The is a such thing as quartal harmony where chords are built of fourths. In that system 1-2-5 is a proper chord. Actual quartal harmony is found in modern composition styles and in some jazz.

When identifying chords you do need to know whether the harmonic style is tertian or quartal.


I think you can find details "how a Chord is constructed" in other questions in this website, but it seems like you already know the basics. So your main question seems to be "why are chords constructed the way they are".

This is a fair and maybe profound question. I can't give you a lot of details, but the reason is merely historical. Western harmony is based on thirds. So you stack some thirds and then you have chords! Of course there are also physical reasons why these notes sound nice together, but you don't see 7th chords in traditional arabian or japanese music, do you? Their music evolved in a different way.

Of course you can use 1-2-5, or all seven notes, or whatever you want! Feel free to construct chords without being stuck to formulas. Chances are, you will find that the chords that sound "right" and more familiar are third based chords, because that's what we've been used to hear all our lives, that's how western music has evolved over time.

To open your mind a little bit, you can take a look for example at Set Theory. I have already composed something based on set theory, and you can't even imagine the cool stuff that can come up when you are not stuck to traditional functional harmony!

So, if you are looking for details on chord construction, take a look at the other answers. If you are looking for the reasons why chords are stacks of thirds, look into western music history. If you are looking for alternative ways to construct chords, set theory may be a starting point, but there is a lot more stuff out there!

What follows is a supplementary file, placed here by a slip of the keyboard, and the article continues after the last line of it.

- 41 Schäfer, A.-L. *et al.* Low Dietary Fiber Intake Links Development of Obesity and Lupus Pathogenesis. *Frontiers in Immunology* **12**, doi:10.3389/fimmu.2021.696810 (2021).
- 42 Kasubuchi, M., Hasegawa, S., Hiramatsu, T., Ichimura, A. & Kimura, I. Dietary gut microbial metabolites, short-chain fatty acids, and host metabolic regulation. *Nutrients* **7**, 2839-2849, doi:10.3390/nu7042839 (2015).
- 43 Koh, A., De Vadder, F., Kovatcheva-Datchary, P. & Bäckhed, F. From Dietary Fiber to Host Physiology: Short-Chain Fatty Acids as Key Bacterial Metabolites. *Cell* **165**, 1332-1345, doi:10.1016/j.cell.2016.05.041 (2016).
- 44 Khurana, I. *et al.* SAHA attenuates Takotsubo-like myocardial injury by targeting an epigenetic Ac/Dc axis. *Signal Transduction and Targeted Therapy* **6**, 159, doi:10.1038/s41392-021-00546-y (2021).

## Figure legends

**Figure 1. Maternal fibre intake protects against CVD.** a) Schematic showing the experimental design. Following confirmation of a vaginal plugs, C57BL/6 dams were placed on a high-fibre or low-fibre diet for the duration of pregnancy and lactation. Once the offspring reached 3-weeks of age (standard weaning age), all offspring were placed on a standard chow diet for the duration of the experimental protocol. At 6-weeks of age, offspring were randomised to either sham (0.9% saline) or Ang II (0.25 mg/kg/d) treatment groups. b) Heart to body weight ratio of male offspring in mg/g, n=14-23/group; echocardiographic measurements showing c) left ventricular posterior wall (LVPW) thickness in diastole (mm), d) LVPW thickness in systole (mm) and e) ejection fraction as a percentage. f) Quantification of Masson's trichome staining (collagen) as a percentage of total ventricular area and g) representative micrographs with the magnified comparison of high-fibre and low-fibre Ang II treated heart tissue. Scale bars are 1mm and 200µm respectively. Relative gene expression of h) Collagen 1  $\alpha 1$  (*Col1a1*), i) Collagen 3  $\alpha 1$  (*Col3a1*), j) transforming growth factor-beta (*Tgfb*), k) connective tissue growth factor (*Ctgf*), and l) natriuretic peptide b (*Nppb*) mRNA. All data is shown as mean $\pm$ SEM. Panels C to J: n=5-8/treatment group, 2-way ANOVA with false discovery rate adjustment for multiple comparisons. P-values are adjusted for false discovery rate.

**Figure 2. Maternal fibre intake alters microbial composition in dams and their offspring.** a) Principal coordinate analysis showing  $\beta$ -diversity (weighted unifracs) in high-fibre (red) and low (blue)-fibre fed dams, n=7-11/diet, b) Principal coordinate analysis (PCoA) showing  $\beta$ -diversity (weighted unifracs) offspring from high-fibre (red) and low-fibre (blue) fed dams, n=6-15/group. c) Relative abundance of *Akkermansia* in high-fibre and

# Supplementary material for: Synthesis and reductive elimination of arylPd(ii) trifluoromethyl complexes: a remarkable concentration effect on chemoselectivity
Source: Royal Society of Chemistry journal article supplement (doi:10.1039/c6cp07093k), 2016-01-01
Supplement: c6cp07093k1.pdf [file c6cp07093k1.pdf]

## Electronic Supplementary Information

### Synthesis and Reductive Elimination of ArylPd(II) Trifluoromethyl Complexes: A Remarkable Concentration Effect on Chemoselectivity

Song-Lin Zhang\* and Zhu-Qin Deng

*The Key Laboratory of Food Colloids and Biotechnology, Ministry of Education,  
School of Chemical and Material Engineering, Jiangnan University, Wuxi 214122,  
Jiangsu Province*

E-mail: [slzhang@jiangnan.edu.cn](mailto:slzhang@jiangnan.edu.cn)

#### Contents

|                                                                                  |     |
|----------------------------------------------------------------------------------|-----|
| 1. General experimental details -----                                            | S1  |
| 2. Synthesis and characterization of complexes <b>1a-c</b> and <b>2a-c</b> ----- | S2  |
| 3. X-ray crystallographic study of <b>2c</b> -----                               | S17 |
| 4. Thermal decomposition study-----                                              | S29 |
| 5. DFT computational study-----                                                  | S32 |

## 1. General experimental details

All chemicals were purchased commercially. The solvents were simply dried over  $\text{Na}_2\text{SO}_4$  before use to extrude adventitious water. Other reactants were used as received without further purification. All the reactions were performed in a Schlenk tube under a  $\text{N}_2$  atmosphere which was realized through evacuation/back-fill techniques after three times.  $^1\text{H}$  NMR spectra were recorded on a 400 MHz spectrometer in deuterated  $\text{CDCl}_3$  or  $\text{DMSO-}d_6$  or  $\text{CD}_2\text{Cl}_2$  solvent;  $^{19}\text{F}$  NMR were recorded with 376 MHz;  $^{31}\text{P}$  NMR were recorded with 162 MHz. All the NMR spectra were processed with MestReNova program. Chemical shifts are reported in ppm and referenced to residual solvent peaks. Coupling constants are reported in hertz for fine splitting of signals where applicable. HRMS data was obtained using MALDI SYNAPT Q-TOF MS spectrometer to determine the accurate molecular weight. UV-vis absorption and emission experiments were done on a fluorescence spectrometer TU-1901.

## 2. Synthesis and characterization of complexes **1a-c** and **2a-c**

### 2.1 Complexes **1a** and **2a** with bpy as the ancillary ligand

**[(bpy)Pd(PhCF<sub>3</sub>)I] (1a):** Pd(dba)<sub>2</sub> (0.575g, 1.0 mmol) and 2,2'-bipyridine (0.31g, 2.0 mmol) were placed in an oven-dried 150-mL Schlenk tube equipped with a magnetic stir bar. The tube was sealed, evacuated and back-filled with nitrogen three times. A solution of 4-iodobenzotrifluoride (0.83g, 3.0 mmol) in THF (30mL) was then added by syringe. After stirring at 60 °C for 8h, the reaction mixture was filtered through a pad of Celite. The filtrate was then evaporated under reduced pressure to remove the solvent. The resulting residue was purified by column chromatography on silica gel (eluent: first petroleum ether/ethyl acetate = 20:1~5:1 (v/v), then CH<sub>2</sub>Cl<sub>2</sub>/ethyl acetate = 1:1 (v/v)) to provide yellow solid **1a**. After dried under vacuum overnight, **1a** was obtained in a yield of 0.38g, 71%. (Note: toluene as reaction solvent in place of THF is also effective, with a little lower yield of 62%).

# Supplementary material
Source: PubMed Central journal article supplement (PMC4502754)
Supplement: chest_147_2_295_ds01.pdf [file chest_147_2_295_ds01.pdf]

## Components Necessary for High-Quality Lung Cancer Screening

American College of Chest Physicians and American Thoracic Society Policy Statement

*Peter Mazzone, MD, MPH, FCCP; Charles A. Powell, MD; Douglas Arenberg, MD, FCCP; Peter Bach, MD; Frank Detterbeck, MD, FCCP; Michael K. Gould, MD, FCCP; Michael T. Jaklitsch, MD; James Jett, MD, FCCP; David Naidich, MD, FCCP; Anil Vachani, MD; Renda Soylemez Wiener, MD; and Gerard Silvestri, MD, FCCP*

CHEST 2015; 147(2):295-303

Well the simplest answer is you're not forced to build chords by stacking thirds. You are free to do anything. Music theory is only a description of existing (western in this case) practice of music making. And you basically study that practice following recipes like: build chords by stacking thirds.

That being said, chords built this way make the most of existing western music from classical to pop to jazz. And even if we play 1-2-7 we might 'hear' it as reduced form of dominant chord as we tend to aurally refer to established forms, harmonies etc.

So it's a bit like - you take first karate lessons and ask: why do I need to kick this way and not another? The old and wise karate master will probably respond: well you can do it your way, but it will work much better if you spend next 10 years figuring out why we all kick this way and why it works.


When constructing a chord, you want the notes to sound nice along with one another. Mathematically, if you look at those notes, 1-3-5, they fit along what’s called an overtone series. Take an A chord for example. Your base note, A, had a pitch of around 440 Hz (depending on your preference). The notes C# and E are produced as overtones. If you want, you can read more up on that, but it gets very complicated very fast.

There are 4 types of triads, and 4 types of 7th chords. For triads, you have Major, Minor, Diminished, and augmented. Naturally, the overtones play along the major scale, so when you make the 3rd minor (in a minor chord), it doesn’t sound pretty, at first. Because they play along another overtone series, much much more desecrate than the base Major chord, the resulting notes can be interpreted as an alternate “feeling” such as sad. The same goes for diminished and augmented chords.

Basically, you are playing notes that work well with others, in an order that they will sound well. For example, if you play a 7th chord such as Cmaj7, the notes you would play are C,E,G, and B. If you play B and C right next to each other, it sounds terrible. That is because the frequencies are so close to one another, they just don’t work well. But when you put space in between them, they work with the overtones, and that beautiful sound of a Major 7th chord is created.

This might have been the most confusing thing you have ever read because I don’t think I explained it correctly, so if you have any questions don’t hesitate to ask!